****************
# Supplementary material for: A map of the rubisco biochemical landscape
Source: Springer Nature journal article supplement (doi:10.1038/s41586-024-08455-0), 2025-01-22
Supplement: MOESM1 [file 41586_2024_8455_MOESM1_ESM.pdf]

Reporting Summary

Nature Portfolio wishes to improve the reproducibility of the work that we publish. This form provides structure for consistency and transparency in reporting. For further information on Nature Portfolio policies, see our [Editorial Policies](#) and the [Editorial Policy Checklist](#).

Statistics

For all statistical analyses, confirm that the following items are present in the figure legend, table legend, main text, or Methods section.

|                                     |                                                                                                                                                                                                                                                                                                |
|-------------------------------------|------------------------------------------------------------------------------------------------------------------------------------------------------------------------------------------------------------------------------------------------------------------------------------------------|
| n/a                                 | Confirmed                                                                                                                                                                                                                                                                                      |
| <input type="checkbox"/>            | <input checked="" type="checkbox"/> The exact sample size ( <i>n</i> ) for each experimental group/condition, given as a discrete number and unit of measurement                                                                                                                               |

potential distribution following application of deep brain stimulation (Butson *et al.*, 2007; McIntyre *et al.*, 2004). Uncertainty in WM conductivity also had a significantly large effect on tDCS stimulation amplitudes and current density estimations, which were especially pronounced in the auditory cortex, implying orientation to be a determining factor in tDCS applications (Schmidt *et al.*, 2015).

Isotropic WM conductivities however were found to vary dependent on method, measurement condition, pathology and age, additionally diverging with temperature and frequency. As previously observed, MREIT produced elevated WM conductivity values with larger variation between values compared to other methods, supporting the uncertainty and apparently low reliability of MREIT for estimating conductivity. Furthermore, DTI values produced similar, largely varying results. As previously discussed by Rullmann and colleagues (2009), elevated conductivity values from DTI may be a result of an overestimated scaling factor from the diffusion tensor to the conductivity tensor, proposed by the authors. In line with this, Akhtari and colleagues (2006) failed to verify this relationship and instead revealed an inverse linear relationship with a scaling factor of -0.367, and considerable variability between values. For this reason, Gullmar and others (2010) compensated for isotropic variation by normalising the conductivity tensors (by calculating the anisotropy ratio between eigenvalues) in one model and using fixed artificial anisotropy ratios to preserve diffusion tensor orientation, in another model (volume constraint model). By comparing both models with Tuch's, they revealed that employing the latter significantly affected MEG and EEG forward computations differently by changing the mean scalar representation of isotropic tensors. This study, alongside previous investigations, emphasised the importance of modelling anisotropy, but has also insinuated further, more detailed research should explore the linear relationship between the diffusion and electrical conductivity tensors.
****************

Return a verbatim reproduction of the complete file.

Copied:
# Supplementary material for: A map of the rubisco biochemical landscape
Source: Springer Nature journal article supplement (doi:10.1038/s41586-024-08455-0), 2025-01-22
Supplement: MOESM1 [file 41586_2024_8455_MOESM1_ESM.pdf]

Reporting Summary

Nature Portfolio wishes to improve the reproducibility of the work that we publish. This form provides structure for consistency and transparency in reporting. For further information on Nature Portfolio policies, see our [Editorial Policies](#) and the [Editorial Policy Checklist](#).

Statistics

For all statistical analyses, confirm that the following items are present in the figure legend, table legend, main text, or Methods section.

|                                     |                                                                                                                                                                                                                                                                                                |
|-------------------------------------|------------------------------------------------------------------------------------------------------------------------------------------------------------------------------------------------------------------------------------------------------------------------------------------------|
| n/a                                 | Confirmed                                                                                                                                                                                                                                                                                      |
| <input type="checkbox"/>            | <input checked="" type="checkbox"/> The exact sample size ( <i>n</i> ) for each experimental group/condition, given as a discrete number and unit of measurement                                                                                                                               |

potential distribution following application of deep brain stimulation (Butson *et al.*, 2007; McIntyre *et al.*, 2004). Uncertainty in WM conductivity also had a significantly large effect on tDCS stimulation amplitudes and current density estimations, which were especially pronounced in the auditory cortex, implying orientation to be a determining factor in tDCS applications (Schmidt *et al.*, 2015).

Isotropic WM conductivities however were found to vary dependent on method, measurement condition, pathology and age, additionally diverging with temperature and frequency. As previously observed, MREIT produced elevated WM conductivity values with larger variation between values compared to other methods, supporting the uncertainty and apparently low reliability of MREIT for estimating conductivity. Furthermore, DTI values produced similar, largely varying results. As previously discussed by Rullmann and colleagues (2009), elevated conductivity values from DTI may be a result of an overestimated scaling factor from the diffusion tensor to the conductivity tensor, proposed by the authors. In line with this, Akhtari and colleagues (2006) failed to verify this relationship and instead revealed an inverse linear relationship with a scaling factor of -0.367, and considerable variability between values. For this reason, Gullmar and others (2010) compensated for isotropic variation by normalising the conductivity tensors (by calculating the anisotropy ratio between eigenvalues) in one model and using fixed artificial anisotropy ratios to preserve diffusion tensor orientation, in another model (volume constraint model). By comparing both models with Tuch's, they revealed that employing the latter significantly affected MEG and EEG forward computations differently by changing the mean scalar representation of isotropic tensors. This study, alongside previous investigations, emphasised the importance of modelling anisotropy, but has also insinuated further, more detailed research should explore the linear relationship between the diffusion and electrical conductivity tensors.